Heartland Value Plus Fund 4Q18 Portfolio Manager Commentary

Executive Summary

  • The portfolio’s holdings in Energy, Materials, and Health Care outperformed on a relative basis but the Fund lagged its benchmark, the Russell 2000® Value Index, the Russell 2000® Value Index, returning -20.49% versus -18.67%.
  • Investors exited equities as they wrestled with the potential impact of macro concerns.
  • Late in the quarter, investors showed some interest in balance sheet strength.
  • We remain confident that while the pace of earnings growth may slow in 2019, underlying economic fundamentals remain relatively solid.

Fourth Quarter Market Discussion

The year closed with the major indices buckling under the weight of “what if?” During the period, employment remained relatively strong, economic forecasts pointed to continued expansion, and manufacturing activity maintained its solid footing. Yet investors fled as they wrestled with the potential impact of ongoing macro concerns. 
Among the sources of concern were trade tensions with China, rising interest rates, and slowing earnings growth. The result was a widespread selloff, with economically sensitive areas under the most pressure.
As the pessimistic tone gained strength, investors late in the quarter showed a tentative interest in balance sheet strength. The new scrutiny of debt levels is prudent, in our view, and due to aggressive corporate borrowing over the past decade, as shown, could have a meaningful impact on share performance for levered companies.
S&P 500 Index
Total Debt/ LTM EBITDA

Heartland Advisors Value Investing Total Debt/LTM EBITDA Chart
Source: Cornerstone Macro LP and Standard & Poor’s, 12/31/1996 to 12/31/2018
Last twelve months (LTM); Earnings Before Interest, Taxes, Depreciation and Amortization (EBITDA)
All indices are unmanaged. It is not possible to invest directly in an index.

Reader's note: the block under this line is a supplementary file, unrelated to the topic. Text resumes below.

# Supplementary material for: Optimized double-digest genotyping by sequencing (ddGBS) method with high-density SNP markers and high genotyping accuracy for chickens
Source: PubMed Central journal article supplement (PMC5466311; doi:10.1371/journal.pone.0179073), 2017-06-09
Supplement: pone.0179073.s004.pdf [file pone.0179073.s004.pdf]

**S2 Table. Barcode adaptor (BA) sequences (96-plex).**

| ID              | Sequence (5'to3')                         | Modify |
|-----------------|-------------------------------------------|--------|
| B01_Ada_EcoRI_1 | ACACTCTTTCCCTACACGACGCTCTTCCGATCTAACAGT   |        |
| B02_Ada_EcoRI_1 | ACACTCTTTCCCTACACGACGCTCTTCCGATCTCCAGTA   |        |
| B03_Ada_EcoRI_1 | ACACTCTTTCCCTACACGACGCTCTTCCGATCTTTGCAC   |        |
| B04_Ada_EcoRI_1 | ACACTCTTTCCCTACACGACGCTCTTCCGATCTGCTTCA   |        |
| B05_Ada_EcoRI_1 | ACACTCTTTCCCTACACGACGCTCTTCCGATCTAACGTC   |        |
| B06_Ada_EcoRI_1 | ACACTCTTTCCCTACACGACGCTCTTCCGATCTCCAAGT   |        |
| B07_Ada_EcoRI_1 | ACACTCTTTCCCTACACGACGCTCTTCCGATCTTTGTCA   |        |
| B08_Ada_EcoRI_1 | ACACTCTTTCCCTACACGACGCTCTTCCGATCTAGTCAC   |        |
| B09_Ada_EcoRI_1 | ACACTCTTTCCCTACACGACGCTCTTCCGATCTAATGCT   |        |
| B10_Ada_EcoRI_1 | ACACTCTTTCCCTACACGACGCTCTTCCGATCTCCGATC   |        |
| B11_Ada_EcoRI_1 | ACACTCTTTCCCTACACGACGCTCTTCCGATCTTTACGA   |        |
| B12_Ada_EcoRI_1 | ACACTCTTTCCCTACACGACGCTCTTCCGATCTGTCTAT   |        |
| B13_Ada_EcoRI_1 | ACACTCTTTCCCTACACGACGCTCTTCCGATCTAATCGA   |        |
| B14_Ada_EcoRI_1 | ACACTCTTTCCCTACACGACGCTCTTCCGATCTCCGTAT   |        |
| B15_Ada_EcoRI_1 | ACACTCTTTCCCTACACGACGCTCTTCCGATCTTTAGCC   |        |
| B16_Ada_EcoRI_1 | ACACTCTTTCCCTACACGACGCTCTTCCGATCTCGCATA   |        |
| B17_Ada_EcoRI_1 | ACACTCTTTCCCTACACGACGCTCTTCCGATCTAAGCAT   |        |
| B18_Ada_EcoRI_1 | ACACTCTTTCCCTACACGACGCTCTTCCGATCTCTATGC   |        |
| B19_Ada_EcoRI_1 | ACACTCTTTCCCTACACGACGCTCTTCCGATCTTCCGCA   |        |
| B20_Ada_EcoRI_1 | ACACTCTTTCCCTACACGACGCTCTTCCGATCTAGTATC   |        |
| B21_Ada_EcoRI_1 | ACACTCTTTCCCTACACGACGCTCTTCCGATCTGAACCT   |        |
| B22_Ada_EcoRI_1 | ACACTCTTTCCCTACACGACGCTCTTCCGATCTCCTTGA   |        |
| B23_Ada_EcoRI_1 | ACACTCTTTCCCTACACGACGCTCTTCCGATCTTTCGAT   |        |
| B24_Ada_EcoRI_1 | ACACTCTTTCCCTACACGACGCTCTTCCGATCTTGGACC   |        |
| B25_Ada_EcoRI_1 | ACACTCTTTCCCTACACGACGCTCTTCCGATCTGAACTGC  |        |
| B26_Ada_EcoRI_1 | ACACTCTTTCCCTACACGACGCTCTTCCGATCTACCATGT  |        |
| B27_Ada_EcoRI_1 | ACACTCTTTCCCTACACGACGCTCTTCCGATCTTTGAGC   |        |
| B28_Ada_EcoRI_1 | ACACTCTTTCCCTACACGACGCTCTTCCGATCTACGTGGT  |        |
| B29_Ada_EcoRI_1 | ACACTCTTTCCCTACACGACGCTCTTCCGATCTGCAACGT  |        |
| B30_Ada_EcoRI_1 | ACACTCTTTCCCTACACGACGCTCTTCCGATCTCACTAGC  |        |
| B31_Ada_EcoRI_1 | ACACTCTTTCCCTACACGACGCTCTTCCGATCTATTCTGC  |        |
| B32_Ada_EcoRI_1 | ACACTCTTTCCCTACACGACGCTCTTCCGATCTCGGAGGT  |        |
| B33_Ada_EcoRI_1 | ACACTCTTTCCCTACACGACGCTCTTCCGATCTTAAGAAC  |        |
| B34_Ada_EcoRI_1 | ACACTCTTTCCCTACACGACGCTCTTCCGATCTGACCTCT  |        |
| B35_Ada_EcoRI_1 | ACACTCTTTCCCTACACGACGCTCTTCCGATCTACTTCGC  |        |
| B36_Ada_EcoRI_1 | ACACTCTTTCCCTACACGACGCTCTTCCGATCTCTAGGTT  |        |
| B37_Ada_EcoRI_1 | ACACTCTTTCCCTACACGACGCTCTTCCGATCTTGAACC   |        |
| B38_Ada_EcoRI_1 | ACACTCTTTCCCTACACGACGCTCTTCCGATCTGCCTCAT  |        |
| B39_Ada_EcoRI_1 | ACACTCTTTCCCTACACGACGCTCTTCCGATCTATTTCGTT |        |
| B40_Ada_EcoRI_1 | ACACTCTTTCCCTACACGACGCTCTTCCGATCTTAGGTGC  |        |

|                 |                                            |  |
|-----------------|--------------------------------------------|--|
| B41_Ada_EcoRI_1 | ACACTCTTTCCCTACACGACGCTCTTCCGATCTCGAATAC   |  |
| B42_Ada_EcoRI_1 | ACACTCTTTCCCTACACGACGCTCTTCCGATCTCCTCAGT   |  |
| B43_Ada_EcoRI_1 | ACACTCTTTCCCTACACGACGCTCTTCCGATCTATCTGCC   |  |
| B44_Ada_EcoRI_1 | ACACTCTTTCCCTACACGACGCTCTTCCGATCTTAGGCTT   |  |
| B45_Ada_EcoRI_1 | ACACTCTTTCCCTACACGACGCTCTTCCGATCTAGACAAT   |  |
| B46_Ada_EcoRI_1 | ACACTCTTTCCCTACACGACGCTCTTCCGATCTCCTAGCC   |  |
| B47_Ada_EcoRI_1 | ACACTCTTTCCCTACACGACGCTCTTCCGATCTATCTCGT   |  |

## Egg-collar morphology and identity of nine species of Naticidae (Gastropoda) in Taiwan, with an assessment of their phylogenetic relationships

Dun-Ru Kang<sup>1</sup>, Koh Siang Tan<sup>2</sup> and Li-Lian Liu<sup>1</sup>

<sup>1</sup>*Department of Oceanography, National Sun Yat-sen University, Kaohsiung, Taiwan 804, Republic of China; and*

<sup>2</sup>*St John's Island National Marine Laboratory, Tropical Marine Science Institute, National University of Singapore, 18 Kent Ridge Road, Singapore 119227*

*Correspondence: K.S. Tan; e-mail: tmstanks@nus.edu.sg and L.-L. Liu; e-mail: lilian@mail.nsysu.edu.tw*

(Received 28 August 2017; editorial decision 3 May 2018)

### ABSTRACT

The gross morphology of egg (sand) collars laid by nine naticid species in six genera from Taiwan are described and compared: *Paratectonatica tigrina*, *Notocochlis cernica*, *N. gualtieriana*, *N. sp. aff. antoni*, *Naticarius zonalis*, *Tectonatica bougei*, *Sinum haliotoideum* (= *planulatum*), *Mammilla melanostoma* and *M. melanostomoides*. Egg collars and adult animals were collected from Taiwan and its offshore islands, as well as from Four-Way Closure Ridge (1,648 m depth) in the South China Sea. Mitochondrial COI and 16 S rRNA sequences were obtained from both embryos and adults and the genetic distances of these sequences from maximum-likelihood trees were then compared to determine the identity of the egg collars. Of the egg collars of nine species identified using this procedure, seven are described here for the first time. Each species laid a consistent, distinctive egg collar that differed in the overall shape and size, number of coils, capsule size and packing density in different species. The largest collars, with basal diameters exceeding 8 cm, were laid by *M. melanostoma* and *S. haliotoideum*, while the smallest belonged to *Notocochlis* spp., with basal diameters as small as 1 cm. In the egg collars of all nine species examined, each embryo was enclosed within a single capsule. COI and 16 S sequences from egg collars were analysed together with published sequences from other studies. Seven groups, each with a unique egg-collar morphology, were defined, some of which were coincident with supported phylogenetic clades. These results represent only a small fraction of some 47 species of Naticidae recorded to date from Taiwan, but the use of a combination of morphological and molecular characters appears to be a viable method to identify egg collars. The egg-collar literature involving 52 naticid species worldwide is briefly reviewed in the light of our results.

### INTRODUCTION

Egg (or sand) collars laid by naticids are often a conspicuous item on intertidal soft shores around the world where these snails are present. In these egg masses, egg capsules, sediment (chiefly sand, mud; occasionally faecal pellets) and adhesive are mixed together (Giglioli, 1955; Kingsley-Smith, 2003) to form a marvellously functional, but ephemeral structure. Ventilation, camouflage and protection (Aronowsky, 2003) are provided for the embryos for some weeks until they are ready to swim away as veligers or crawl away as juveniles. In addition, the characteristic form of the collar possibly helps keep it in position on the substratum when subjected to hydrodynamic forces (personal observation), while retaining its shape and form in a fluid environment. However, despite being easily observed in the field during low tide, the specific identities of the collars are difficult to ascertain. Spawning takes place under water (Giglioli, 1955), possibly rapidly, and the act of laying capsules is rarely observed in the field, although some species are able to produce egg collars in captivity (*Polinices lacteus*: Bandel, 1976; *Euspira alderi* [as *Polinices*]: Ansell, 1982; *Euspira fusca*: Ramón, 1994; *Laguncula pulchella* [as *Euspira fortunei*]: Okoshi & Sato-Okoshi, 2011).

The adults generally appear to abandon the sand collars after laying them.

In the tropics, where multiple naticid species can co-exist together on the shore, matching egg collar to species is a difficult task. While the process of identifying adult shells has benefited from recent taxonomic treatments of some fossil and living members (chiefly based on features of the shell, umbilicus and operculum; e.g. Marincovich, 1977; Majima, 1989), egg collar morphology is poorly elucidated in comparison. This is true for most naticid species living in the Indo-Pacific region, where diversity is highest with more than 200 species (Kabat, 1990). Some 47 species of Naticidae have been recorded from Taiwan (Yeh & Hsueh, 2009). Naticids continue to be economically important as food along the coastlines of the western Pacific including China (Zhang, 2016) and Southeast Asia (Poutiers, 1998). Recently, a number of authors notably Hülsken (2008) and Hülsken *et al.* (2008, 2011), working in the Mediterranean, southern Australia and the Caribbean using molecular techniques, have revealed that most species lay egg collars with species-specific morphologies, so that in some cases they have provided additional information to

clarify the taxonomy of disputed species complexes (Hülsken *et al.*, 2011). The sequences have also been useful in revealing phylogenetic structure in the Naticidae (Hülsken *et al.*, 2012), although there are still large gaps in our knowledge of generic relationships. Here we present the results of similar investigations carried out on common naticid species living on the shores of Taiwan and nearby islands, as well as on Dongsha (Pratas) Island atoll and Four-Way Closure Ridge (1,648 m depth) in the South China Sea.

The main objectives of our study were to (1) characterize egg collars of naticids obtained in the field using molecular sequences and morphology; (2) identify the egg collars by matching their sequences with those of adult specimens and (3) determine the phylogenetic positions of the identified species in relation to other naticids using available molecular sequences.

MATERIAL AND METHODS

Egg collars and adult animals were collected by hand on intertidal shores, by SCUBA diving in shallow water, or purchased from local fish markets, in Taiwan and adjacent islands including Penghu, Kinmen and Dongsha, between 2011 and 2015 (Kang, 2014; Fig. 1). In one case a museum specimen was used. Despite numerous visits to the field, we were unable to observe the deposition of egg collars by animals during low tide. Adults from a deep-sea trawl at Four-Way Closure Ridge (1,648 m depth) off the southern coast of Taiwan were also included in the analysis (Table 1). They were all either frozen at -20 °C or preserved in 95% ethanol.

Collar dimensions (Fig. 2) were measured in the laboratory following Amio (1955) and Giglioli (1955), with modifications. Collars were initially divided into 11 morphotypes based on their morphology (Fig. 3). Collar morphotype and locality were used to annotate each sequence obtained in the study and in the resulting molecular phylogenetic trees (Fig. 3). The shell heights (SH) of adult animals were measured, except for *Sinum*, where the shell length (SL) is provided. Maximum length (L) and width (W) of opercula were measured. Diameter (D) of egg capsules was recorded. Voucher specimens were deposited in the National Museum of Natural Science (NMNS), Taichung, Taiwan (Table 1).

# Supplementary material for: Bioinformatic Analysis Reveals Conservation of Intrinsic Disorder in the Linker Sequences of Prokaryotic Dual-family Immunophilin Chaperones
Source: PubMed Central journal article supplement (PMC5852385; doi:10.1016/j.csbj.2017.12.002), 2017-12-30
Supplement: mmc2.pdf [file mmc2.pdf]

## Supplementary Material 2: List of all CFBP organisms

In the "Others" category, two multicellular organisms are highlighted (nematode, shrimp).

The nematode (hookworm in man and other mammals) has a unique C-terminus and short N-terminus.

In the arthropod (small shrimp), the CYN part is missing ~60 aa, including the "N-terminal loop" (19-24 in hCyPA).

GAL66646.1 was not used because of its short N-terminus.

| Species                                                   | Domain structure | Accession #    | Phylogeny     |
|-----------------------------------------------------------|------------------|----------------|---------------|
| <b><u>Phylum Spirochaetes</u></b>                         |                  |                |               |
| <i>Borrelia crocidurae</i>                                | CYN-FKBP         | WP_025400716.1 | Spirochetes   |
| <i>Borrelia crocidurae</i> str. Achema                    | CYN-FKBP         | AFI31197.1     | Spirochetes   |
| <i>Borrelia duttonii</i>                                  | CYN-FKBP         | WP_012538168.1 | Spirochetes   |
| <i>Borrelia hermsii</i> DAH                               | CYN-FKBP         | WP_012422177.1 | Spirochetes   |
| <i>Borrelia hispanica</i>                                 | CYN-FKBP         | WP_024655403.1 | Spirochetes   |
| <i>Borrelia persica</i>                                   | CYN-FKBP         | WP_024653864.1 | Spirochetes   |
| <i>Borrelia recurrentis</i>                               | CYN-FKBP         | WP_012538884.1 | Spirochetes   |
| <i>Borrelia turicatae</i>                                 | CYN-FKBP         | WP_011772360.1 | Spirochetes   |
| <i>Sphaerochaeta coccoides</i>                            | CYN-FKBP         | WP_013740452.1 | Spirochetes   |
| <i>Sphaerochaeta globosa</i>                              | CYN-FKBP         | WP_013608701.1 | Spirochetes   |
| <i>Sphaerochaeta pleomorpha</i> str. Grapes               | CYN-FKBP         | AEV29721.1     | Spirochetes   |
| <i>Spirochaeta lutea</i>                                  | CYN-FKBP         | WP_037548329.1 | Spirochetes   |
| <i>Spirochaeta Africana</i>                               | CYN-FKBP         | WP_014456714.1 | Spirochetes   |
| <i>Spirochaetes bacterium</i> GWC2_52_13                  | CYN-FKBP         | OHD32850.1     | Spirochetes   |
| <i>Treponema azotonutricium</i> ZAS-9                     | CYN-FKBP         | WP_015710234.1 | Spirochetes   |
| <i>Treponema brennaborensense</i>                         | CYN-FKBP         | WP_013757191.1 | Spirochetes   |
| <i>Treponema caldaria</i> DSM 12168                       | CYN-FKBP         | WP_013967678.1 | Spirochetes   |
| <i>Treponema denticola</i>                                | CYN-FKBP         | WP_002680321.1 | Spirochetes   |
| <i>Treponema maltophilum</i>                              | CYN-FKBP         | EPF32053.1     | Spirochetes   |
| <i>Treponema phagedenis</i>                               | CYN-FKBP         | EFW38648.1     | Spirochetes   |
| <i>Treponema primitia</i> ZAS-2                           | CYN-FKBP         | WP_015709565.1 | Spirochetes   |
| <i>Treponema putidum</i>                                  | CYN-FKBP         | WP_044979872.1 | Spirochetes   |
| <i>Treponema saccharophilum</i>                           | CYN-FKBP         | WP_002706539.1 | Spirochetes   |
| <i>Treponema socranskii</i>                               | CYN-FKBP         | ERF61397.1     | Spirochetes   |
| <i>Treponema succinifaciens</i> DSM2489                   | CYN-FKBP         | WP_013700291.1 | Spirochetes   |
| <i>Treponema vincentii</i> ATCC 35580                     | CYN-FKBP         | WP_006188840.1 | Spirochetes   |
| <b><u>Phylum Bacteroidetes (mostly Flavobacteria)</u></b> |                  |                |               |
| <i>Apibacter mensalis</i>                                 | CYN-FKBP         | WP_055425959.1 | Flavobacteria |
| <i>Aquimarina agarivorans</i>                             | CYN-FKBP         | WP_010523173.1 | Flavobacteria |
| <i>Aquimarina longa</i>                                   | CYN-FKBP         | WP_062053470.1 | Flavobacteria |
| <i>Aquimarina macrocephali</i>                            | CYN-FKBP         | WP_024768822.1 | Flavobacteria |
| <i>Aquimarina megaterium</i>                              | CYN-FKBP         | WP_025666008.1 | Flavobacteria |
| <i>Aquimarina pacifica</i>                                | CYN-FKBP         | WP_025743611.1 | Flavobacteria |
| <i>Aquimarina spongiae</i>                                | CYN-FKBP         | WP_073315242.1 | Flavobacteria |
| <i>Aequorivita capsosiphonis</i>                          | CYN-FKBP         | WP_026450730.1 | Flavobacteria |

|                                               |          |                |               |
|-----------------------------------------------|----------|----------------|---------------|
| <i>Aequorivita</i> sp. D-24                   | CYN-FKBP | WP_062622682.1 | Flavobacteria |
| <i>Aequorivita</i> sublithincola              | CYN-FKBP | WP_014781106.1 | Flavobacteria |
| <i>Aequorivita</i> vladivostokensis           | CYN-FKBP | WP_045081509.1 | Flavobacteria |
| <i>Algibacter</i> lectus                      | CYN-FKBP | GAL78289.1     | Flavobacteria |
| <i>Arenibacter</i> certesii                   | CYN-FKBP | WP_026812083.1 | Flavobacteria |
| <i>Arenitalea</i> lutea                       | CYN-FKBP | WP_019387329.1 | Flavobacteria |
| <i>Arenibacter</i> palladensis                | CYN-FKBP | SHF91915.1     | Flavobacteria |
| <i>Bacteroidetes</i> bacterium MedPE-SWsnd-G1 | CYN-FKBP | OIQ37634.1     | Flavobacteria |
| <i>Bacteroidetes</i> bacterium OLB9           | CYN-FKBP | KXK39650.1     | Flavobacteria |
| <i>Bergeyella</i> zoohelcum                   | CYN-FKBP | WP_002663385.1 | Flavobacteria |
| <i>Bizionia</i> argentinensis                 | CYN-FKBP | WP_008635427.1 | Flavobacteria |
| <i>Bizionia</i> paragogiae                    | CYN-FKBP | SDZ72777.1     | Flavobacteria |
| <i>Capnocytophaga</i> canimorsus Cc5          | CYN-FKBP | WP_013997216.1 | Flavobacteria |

Attribution Analysis

Holdings in Energy, Materials and Health Care held up on a relative basis but couldn’t overcome weakness in Financials and Consumer Staples and the portfolio lagged its benchmark, the Russell 2000® Value Index. Allocation decisions also hampered results. 
Heartland Advisors Value Investing Utilities Sector IconPower Play. While selling was widespread with all 11 sectors of the Russell 2000® Value down for the quarter, Utilities fared somewhat better as investors sought safety and less volatile earnings. Due to rate regulations under which most utilities operate, the group can be a challenging area to find compelling opportunities for margin expansion. However, we have still been able to find some attractive opportunities such as Portland General Electric Company (POR) by focusing on balance sheet strength of power companies that operate in growth markets. 
Portland General, which provides electric and gas service to Oregon, was up after reporting better than expected earnings for its most recent quarter. Results were aided by a favorable legal settlement the previous quarter that led to an additional influx of cash. Management used the windfall to pay down debt and further bolster an already strong balance sheet.
We believe Oregon is a burgeoning manufacturing and data industries region, which should lead to net growth in power demand versus projections of flat or negative demand nationally. Despite its financial strength and positive growth outlook, Portland Electric trades at 8x enterprise value/earnings before interest, taxes, depreciation and amortization—well below its peer range of 10x-11x.